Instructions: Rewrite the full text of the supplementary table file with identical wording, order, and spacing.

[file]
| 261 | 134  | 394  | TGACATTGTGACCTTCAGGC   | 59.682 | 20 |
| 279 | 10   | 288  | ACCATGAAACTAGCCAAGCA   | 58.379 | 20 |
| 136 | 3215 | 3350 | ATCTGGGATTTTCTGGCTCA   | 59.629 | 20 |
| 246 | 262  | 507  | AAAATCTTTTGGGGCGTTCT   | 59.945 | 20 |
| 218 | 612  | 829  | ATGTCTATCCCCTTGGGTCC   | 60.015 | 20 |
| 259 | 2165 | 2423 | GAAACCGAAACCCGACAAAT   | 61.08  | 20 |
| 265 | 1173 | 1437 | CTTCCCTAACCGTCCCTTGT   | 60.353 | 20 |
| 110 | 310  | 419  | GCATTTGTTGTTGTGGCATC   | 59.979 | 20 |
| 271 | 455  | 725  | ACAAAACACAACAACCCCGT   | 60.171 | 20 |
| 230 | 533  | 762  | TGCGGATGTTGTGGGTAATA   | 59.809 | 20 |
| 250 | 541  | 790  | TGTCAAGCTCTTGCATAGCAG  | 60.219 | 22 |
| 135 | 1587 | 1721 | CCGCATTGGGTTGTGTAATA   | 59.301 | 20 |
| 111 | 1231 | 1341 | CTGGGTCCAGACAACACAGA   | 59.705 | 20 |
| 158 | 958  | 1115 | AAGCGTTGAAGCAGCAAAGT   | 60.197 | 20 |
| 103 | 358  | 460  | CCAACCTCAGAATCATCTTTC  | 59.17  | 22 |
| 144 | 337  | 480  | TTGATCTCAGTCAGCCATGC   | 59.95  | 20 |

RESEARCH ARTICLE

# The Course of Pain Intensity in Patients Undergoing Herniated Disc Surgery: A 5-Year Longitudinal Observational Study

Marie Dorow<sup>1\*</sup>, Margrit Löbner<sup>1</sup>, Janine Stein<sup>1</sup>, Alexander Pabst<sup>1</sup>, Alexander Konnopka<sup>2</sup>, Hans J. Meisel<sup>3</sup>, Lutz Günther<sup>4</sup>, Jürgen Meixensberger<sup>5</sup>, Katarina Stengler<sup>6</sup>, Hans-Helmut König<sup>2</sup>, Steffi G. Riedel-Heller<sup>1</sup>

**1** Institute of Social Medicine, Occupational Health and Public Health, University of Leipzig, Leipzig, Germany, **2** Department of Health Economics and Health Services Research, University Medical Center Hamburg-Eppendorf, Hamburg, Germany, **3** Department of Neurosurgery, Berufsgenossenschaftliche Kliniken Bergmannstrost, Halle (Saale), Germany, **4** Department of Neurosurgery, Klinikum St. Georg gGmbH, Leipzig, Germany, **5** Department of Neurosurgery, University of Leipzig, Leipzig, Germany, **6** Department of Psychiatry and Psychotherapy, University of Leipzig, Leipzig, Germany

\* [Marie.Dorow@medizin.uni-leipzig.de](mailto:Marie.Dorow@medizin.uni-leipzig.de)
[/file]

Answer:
| 261 | 134  | 394  | TGACATTGTGACCTTCAGGC   | 59.682 | 20 |
| 279 | 10   | 288  | ACCATGAAACTAGCCAAGCA   | 58.379 | 20 |
| 136 | 3215 | 3350 | ATCTGGGATTTTCTGGCTCA   | 59.629 | 20 |
| 246 | 262  | 507  | AAAATCTTTTGGGGCGTTCT   | 59.945 | 20 |
| 218 | 612  | 829  | ATGTCTATCCCCTTGGGTCC   | 60.015 | 20 |
| 259 | 2165 | 2423 | GAAACCGAAACCCGACAAAT   | 61.08  | 20 |
| 265 | 1173 | 1437 | CTTCCCTAACCGTCCCTTGT   | 60.353 | 20 |
| 110 | 310  | 419  | GCATTTGTTGTTGTGGCATC   | 59.979 | 20 |
| 271 | 455  | 725  | ACAAAACACAACAACCCCGT   | 60.171 | 20 |
| 230 | 533  | 762  | TGCGGATGTTGTGGGTAATA   | 59.809 | 20 |
| 250 | 541  | 790  | TGTCAAGCTCTTGCATAGCAG  | 60.219 | 22 |
| 135 | 1587 | 1721 | CCGCATTGGGTTGTGTAATA   | 59.301 | 20 |
| 111 | 1231 | 1341 | CTGGGTCCAGACAACACAGA   | 59.705 | 20 |
| 158 | 958  | 1115 | AAGCGTTGAAGCAGCAAAGT   | 60.197 | 20 |
| 103 | 358  | 460  | CCAACCTCAGAATCATCTTTC  | 59.17  | 22 |
| 144 | 337  | 480  | TTGATCTCAGTCAGCCATGC   | 59.95  | 20 |

RESEARCH ARTICLE

# The Course of Pain Intensity in Patients Undergoing Herniated Disc Surgery: A 5-Year Longitudinal Observational Study

Marie Dorow<sup>1\*</sup>, Margrit Löbner<sup>1</sup>, Janine Stein<sup>1</sup>, Alexander Pabst<sup>1</sup>, Alexander Konnopka<sup>2</sup>, Hans J. Meisel<sup>3</sup>, Lutz Günther<sup>4</sup>, Jürgen Meixensberger<sup>5</sup>, Katarina Stengler<sup>6</sup>, Hans-Helmut König<sup>2</sup>, Steffi G. Riedel-Heller<sup>1</sup>

**1** Institute of Social Medicine, Occupational Health and Public Health, University of Leipzig, Leipzig, Germany, **2** Department of Health Economics and Health Services Research, University Medical Center Hamburg-Eppendorf, Hamburg, Germany, **3** Department of Neurosurgery, Berufsgenossenschaftliche Kliniken Bergmannstrost, Halle (Saale), Germany, **4** Department of Neurosurgery, Klinikum St. Georg gGmbH, Leipzig, Germany, **5** Department of Neurosurgery, University of Leipzig, Leipzig, Germany, **6** Department of Psychiatry and Psychotherapy, University of Leipzig, Leipzig, Germany

\* [Marie.Dorow@medizin.uni-leipzig.de](mailto:Marie.Dorow@medizin.uni-leipzig.de)